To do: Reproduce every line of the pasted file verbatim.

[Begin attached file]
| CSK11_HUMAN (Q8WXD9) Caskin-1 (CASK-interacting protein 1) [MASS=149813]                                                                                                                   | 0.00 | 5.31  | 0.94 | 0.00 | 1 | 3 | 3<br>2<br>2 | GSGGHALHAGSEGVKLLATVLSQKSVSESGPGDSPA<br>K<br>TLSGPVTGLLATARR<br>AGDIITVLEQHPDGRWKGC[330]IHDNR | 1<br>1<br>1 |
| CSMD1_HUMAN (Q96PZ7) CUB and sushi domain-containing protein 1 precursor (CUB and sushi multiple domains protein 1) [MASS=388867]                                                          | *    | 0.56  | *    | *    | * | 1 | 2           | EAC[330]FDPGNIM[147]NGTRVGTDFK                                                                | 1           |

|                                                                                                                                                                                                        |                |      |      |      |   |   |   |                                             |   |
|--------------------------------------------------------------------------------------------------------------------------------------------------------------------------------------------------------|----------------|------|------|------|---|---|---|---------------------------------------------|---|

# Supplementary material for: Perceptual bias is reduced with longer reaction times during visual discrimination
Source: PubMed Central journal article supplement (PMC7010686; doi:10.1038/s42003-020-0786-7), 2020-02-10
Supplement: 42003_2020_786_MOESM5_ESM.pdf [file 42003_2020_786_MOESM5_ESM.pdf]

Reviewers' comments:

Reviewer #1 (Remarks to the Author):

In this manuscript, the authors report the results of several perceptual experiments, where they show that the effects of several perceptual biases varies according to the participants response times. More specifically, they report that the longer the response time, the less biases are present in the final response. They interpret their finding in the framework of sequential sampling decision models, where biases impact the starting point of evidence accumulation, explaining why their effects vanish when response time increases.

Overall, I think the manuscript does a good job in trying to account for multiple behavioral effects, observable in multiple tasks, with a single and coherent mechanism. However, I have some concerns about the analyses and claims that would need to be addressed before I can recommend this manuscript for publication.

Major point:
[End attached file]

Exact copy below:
| CSK11_HUMAN (Q8WXD9) Caskin-1 (CASK-interacting protein 1) [MASS=149813]                                                                                                                   | 0.00 | 5.31  | 0.94 | 0.00 | 1 | 3 | 3<br>2<br>2 | GSGGHALHAGSEGVKLLATVLSQKSVSESGPGDSPA<br>K<br>TLSGPVTGLLATARR<br>AGDIITVLEQHPDGRWKGC[330]IHDNR | 1<br>1<br>1 |
| CSMD1_HUMAN (Q96PZ7) CUB and sushi domain-containing protein 1 precursor (CUB and sushi multiple domains protein 1) [MASS=388867]                                                          | *    | 0.56  | *    | *    | * | 1 | 2           | EAC[330]FDPGNIM[147]NGTRVGTDFK                                                                | 1           |

|                                                                                                                                                                                                        |                |      |      |      |   |   |   |                                             |   |
|--------------------------------------------------------------------------------------------------------------------------------------------------------------------------------------------------------|----------------|------|------|------|---|---|---|---------------------------------------------|---|

# Supplementary material for: Perceptual bias is reduced with longer reaction times during visual discrimination
Source: PubMed Central journal article supplement (PMC7010686; doi:10.1038/s42003-020-0786-7), 2020-02-10
Supplement: 42003_2020_786_MOESM5_ESM.pdf [file 42003_2020_786_MOESM5_ESM.pdf]

Reviewers' comments:

Reviewer #1 (Remarks to the Author):

In this manuscript, the authors report the results of several perceptual experiments, where they show that the effects of several perceptual biases varies according to the participants response times. More specifically, they report that the longer the response time, the less biases are present in the final response. They interpret their finding in the framework of sequential sampling decision models, where biases impact the starting point of evidence accumulation, explaining why their effects vanish when response time increases.

Overall, I think the manuscript does a good job in trying to account for multiple behavioral effects, observable in multiple tasks, with a single and coherent mechanism. However, I have some concerns about the analyses and claims that would need to be addressed before I can recommend this manuscript for publication.

Major point: